The Key Elements of Problem-Oriented Policing
- A problem is the basic unit of police work rather than a crime, a
case, calls, or incidents.
- A problem is something that concerns or causes harm to citizens,
not just the police. Things that concern only police officers are important,
but they are not problems in this sense of the term.
- Addressing problems means more than quick fixes: it means dealing
with conditions that create problems.
- Police officers must routinely and systematically analyze problems
before trying to solve them, just as they routinely and systematically
investigate crimes before making an arrest. Individual officers and
the department as a whole must develop routines and systems for analyzing
- The analysis of problems must be thorough even though it may not
need to be complicated. This principle is as true for problem analysis
as it is for criminal investigation.
- Problems must be described precisely and accurately and broken down
into specific aspects of the problem. Problems often aren't what they
first appear to be.
- Problems must be understood in terms of the various interests at
stake. Individuals and groups of people are affected in different ways
by a problem and have different ideas about what should be done about
- The way the problem is currently being handled must be understood
and the limits of effectiveness must be openly acknowledged in order
to come up with a better response.
- Initially, any and all possible responses to a problem should be
considered so as not to cut short potentially effective responses. Suggested
responses should follow from what is learned during the analysis. They
should not be limited to, nor rule out, the use of arrest.
- The police must pro-actively try to solve problems rather than just
react to the harmful consequences of problems.
- The police department must increase police officers' freedom to make
or participate in important decisions. At the same time, officers must
be accountable for their decision-making.
- The effectiveness of new responses must be evaluated so these results
can be shared with other police officers and so the department can systematically
learn what does and does not work. (Michael Scott and Herman Goldstein
The concept of problem-oriented policing can be illustrated by an example.
Suppose police find themselves responding several times a day to calls
about drug dealing and vandalism in a neighborhood park. The common approach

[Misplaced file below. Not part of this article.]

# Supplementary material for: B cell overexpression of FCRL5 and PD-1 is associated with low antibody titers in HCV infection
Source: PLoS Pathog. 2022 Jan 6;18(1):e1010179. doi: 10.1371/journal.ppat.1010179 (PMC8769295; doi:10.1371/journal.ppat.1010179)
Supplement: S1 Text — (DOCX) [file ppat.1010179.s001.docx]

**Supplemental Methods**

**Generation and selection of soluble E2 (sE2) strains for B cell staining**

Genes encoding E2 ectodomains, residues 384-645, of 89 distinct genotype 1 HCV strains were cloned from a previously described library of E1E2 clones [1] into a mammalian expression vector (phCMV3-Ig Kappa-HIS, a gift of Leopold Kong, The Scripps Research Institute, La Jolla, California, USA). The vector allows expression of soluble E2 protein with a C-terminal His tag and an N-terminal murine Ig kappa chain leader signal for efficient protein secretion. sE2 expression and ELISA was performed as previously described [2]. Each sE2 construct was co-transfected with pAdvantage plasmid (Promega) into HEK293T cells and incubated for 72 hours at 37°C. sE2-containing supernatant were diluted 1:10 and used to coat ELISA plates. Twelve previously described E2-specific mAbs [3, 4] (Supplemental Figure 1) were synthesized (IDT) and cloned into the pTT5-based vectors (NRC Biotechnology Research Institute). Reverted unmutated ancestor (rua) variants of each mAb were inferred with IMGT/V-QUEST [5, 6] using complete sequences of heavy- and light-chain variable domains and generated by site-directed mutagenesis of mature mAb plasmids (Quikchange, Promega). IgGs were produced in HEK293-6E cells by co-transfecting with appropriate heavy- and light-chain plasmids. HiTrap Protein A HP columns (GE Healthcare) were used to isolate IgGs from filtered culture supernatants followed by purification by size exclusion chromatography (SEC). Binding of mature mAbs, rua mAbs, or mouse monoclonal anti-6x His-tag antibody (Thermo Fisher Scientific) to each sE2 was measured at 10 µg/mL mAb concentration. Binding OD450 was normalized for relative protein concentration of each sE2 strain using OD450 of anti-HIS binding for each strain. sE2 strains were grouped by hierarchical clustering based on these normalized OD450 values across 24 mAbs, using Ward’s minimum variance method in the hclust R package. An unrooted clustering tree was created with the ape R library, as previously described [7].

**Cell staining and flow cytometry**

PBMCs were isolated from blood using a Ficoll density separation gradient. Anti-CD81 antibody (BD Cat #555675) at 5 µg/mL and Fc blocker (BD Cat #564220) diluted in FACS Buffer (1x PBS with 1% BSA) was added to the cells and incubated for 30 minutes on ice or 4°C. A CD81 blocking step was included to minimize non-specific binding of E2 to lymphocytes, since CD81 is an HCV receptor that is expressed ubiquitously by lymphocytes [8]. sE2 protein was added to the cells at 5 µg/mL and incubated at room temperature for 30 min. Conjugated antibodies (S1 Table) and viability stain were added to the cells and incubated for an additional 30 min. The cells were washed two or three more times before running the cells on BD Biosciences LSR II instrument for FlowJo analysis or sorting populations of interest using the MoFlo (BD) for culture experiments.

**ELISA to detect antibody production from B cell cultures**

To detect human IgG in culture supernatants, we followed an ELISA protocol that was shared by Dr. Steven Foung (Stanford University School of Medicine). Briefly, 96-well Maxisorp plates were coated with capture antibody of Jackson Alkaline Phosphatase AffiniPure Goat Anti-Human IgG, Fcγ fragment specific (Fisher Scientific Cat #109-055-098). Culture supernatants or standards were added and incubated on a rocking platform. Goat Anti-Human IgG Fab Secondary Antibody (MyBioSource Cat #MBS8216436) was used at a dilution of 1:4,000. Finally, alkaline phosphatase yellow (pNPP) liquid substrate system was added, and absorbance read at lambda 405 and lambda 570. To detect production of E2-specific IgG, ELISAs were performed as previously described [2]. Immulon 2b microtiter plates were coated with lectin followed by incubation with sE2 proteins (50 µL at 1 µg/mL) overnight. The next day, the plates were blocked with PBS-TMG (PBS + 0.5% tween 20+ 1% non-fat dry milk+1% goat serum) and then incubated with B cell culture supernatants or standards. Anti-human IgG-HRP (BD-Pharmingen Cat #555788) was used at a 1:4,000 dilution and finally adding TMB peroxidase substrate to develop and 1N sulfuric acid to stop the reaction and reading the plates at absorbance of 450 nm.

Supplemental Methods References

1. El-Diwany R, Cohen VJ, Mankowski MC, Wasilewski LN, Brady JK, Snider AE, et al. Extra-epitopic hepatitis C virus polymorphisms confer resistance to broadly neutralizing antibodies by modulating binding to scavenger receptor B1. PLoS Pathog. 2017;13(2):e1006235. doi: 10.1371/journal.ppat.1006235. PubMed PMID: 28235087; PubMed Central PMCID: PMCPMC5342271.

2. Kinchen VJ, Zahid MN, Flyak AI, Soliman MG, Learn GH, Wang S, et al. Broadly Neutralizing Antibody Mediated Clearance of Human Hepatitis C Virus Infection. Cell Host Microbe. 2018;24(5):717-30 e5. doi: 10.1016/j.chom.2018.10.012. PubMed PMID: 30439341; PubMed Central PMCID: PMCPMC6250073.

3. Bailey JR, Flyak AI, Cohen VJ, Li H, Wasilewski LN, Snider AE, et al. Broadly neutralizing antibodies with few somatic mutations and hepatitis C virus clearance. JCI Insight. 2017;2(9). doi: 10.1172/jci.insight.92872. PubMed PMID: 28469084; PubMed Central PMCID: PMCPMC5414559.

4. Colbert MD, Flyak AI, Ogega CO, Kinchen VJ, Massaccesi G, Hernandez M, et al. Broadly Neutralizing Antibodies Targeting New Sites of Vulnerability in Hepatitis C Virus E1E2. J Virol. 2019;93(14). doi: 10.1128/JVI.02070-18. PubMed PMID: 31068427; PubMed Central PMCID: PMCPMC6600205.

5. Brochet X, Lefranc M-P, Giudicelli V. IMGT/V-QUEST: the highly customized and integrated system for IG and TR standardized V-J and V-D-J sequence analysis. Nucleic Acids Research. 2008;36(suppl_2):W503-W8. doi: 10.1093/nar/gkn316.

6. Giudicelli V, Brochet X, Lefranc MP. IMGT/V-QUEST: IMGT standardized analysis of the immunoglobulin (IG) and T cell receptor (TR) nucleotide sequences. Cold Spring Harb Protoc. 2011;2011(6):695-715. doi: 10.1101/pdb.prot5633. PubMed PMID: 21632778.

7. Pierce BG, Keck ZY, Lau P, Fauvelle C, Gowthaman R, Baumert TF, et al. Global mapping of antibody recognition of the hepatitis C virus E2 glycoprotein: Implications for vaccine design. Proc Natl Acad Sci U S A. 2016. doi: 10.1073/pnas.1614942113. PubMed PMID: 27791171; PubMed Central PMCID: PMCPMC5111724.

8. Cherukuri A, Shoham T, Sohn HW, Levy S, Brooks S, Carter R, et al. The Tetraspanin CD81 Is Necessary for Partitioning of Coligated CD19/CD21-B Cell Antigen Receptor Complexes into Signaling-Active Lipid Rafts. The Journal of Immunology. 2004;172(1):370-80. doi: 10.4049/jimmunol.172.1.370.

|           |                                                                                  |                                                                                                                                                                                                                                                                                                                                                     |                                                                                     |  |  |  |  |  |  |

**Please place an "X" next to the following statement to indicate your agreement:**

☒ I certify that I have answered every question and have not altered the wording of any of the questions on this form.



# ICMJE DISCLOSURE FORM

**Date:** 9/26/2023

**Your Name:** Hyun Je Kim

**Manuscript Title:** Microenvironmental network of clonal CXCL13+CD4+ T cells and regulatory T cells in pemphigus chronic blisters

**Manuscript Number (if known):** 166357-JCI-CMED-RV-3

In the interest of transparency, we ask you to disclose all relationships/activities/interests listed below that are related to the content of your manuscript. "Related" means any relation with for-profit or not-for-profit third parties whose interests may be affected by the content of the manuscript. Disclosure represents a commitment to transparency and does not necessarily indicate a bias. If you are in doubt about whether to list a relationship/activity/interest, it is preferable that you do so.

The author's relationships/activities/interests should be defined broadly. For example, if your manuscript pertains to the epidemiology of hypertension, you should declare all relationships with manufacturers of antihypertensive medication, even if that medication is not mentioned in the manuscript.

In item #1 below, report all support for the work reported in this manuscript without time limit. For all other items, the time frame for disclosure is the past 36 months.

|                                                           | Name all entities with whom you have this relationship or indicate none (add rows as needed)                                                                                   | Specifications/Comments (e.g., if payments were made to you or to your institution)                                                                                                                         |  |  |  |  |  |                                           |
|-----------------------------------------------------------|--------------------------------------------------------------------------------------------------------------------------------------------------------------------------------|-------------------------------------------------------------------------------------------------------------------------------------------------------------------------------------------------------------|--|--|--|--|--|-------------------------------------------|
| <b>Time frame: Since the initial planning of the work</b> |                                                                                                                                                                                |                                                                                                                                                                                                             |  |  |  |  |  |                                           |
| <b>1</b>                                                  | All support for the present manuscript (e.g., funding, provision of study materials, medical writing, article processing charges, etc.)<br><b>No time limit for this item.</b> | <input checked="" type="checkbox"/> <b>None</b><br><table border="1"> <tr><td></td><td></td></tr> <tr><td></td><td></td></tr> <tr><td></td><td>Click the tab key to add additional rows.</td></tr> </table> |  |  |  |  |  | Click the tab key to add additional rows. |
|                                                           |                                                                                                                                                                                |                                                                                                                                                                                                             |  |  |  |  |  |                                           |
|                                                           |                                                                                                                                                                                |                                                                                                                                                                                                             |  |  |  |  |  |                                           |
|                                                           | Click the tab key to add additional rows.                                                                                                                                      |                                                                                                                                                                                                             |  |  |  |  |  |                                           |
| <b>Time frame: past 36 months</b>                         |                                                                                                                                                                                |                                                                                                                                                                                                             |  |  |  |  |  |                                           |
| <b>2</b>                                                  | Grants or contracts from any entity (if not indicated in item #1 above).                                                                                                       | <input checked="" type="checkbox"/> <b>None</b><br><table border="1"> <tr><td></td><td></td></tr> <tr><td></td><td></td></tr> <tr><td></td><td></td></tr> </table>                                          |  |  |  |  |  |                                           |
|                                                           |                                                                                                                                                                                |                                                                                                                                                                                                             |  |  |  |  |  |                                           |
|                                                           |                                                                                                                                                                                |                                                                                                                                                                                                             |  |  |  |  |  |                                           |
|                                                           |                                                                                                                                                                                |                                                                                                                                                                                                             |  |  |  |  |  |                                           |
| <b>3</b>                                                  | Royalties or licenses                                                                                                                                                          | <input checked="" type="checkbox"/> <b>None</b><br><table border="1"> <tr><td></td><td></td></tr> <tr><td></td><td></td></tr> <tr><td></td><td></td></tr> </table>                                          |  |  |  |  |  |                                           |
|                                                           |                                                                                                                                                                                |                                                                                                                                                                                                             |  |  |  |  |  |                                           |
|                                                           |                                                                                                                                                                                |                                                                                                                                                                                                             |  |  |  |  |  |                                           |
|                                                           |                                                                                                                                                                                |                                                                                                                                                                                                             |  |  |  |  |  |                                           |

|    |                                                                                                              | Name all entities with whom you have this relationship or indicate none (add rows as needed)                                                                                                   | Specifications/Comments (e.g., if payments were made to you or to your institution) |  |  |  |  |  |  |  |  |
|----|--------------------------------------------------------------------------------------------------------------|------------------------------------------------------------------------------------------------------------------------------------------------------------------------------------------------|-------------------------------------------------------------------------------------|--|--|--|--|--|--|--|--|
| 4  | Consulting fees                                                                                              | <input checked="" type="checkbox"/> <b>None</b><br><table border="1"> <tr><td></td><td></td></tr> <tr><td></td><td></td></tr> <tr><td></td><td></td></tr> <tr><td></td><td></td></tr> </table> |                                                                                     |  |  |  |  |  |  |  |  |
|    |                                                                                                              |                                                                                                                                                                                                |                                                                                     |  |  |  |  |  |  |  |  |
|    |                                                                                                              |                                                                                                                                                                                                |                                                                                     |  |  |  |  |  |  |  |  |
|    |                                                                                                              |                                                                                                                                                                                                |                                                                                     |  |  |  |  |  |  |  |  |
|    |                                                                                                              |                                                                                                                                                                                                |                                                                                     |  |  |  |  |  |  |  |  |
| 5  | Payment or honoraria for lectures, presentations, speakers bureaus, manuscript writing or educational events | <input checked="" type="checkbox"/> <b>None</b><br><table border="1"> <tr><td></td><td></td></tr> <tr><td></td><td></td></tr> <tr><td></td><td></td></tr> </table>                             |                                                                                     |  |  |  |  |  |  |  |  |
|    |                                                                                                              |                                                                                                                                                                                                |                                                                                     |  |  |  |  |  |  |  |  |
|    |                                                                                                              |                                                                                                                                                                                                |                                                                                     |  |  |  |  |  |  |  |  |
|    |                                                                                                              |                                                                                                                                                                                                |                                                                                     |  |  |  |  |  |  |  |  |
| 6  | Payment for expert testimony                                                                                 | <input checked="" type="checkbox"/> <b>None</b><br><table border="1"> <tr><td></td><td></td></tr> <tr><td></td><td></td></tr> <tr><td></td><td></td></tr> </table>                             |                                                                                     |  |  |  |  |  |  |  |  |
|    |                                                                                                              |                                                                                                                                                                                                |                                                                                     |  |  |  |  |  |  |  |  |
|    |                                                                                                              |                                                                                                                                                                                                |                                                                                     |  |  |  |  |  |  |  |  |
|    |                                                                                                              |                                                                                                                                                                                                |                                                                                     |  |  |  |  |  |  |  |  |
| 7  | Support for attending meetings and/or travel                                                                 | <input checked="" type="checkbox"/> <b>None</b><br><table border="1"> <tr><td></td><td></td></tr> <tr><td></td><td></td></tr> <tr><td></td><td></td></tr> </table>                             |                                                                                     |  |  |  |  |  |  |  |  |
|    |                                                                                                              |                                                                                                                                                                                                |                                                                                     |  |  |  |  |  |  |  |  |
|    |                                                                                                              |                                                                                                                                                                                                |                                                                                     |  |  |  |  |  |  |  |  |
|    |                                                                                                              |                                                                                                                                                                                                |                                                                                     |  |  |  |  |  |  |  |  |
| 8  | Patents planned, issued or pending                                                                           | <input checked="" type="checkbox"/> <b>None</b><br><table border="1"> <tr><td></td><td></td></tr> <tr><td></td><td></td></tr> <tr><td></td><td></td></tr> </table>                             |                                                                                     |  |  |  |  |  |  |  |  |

of dispatching an officer to the scene and repeatedly arresting offenders
may do little to resolve the long term crime and disorder problem. If,
instead, police were to incorporate problem-oriented policing techniques
into their approach, they would examine the conditions underlying the
problem. This would likely include collecting additional information—perhaps
by surveying neighborhood residents and park users, analyzing the time
of day when incidents occur, determining who the offenders are and why
they favor the park, and examining the particular areas of the park that
are most conducive to the activity and evaluating their environmental
design characteristics. The findings could form the basis of a response
to the problem behaviors. While enforcement might be a component of the
response, it would unlikely be the sole solution because, in this case,
analysis would likely indicate the need to involve neighborhood residents,
parks and recreation officials and others.
Problem-oriented policing can be applied at various levels of community
problems and at various levels in the police organization. It can be applied
to problems that affect an entire community, involving the highest level
of police agency, government, and community resources. It can be applied
at intermediate levels (for example, a neighborhood or a police district),
involving an intermediate level of resources. Or it can be applied at
a very localized level (for example, a single location or a small group
of problem individuals), involving the resources of only a few police
officers and other individuals.